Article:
Simple Safety Steps Would Have Avoided Injury
 
Acting MBIE Labor Group General Manager Southern, Francois Barton, noted “Unguarded machinery is extremely dangerous and an accident waiting to happen. There were several simple steps available to the employer that would have safeguarded against this sort of incident happening that were not taken – such as replacing fixed rollers with pop-out ones or putting in tunnel guards.
 
“This case illustrates the importance of effective safety auditing that identifies all possible trapping points and either removes them completely or guards them effectively.
MBIE Labor has a three-year project under way with the aim of reducing the number of workplace accidents involving unguarded and inadequately guarded machinery,” Barton commented.
 
Conveyors are a well-known hazard across a range of industries and have been involved in incidents and accidents for many years, according to officials.
 
 
Author Michael B. Stack, CPA, Director of Operations, Amaxx Risk Solutions, Inc. is an expert in employer communication systems and part of the Amaxx team helping companies reduce their workers compensation costs by 20% to 50%. He is a writer, speaker, and website publisher.  www.reduceyourworkerscomp.com
 
©2012 Amaxx Risk Solutions, Inc. All rights reserved under International Copyright Law.

Do not use this information without independent verification. All state laws vary. You should consult with your insurance broker, attorney, or qualified professional about workers comp issues.

Employer Convicted, Fined $500K after Employee Death

 

A major Australian hirer of industrial equipment, Coates Hire Operations Pty Ltd, has been convicted and fined $500,000 after a worker died when an elevating work platform rolled down the tray of a truck, tipped and crushed him, according to Safety in Australia.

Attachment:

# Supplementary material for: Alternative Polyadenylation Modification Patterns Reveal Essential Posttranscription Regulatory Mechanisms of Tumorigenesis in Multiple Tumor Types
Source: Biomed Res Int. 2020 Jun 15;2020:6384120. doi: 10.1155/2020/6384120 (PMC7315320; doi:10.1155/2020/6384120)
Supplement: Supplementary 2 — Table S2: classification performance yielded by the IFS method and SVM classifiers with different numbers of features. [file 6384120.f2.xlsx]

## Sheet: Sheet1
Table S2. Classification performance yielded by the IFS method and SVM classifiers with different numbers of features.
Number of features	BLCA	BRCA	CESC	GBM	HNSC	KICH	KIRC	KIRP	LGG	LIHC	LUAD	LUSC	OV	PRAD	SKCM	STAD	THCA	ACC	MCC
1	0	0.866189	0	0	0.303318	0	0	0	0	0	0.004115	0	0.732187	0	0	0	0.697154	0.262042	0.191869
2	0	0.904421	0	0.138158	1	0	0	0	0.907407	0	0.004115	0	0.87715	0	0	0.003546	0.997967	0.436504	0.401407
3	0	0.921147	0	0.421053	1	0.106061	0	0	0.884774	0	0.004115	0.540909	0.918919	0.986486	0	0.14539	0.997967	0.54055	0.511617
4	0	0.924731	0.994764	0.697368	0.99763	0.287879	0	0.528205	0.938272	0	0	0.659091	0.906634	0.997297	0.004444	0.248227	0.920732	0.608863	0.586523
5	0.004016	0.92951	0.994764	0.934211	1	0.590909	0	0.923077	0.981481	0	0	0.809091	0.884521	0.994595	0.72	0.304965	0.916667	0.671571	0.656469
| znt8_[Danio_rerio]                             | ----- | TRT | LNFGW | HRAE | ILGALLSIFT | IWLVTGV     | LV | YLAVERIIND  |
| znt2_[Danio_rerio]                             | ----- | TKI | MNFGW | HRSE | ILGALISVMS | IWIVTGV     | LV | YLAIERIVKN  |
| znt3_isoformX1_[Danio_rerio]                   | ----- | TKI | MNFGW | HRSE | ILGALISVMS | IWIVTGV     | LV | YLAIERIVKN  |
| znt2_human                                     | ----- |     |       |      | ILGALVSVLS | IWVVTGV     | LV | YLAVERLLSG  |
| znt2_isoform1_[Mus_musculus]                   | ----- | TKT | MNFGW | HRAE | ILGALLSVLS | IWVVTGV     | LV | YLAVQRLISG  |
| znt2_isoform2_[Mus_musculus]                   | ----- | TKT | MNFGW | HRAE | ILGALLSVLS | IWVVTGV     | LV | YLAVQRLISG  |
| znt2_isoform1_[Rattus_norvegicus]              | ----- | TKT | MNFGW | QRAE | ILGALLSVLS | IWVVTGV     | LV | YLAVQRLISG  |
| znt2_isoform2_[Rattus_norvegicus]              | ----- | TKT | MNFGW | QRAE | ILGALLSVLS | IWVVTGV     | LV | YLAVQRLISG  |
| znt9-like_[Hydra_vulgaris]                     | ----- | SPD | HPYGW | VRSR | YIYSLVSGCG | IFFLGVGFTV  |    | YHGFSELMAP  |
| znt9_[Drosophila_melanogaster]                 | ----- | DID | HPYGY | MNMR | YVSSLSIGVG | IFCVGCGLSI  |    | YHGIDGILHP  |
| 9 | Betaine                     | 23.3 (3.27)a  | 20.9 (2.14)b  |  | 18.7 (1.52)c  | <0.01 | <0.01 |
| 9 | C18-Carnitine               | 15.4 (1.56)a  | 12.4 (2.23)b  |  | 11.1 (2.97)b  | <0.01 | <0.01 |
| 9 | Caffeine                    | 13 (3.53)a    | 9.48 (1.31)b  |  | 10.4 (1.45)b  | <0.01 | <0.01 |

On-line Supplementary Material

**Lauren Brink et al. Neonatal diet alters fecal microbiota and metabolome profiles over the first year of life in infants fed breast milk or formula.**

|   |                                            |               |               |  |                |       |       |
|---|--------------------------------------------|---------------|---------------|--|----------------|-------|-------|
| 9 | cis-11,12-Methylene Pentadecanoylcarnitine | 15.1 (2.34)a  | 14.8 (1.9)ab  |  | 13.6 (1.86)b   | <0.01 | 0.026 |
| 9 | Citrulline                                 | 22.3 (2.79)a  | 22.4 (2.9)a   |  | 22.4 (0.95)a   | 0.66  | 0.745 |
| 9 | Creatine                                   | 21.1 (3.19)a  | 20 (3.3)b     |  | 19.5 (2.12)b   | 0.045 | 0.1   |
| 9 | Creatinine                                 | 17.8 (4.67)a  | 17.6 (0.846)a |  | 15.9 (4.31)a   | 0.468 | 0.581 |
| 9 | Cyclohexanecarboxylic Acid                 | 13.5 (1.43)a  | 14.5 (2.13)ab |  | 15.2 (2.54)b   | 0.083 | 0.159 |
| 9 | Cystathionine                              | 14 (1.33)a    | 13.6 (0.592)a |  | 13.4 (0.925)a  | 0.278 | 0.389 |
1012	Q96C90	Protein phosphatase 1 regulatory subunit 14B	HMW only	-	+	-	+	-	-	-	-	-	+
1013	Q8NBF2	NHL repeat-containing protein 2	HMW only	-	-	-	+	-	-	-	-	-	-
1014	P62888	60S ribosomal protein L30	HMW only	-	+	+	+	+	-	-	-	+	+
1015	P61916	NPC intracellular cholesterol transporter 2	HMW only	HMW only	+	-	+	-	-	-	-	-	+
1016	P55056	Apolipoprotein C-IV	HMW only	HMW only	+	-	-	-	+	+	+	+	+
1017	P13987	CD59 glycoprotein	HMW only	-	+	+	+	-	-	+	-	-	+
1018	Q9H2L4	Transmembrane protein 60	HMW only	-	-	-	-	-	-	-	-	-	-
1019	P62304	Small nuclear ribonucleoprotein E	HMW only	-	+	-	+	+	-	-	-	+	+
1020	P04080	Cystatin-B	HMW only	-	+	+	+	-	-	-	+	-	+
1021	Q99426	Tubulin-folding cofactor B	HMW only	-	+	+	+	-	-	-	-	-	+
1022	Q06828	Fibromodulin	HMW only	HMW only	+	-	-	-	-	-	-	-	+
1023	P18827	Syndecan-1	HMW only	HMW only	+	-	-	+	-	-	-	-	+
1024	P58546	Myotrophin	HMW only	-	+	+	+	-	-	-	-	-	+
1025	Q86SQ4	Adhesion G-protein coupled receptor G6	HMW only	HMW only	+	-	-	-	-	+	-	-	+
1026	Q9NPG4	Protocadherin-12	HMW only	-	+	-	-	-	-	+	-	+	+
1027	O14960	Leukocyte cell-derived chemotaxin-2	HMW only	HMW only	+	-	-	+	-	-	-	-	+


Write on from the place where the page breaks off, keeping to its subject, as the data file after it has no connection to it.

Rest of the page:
Fine Increased from Original $250,000

 

Victoria’s Court of Appeal recently imposed the fine which was increased from the $250,000 penalty imposed by the County Court in 2010 and subsequently appealed by the Director of Public Prosecutions.

 

The prosecution followed the death of a 44-year-old Cranbourne South man who was crushed at a Coates’ Hire business at Dandenong in February 2007.

 

 

Company Had Two Prior Convictions

 

The Court of Appeal said Coates Hire had two relevant prior convictions and should have been doubly vigilant to ensure no further breaches occurred. It also found the company failed to enforce and disseminate its own safety procedures.

 

In its judgment, the court said the breach equated to a very high degree of culpability. The Court of Appeal affirmed the County Court’s finding that Coates had shown a ‘disregard for the safety of its workers’.

 

 

Disastrous Results of Not Applying Safety Procedures

 

WorkSafe’s Executive Director for Health and Safety, Ian Forsyth, said the case illustrated the disastrous results of having safety policies and procedures but not applying them.

 

“The increase in penalty is welcome, but it does not take away from the fact that a preventable death has occurred. All other employers need to act now to review their own situation, whether or not they use external contractors.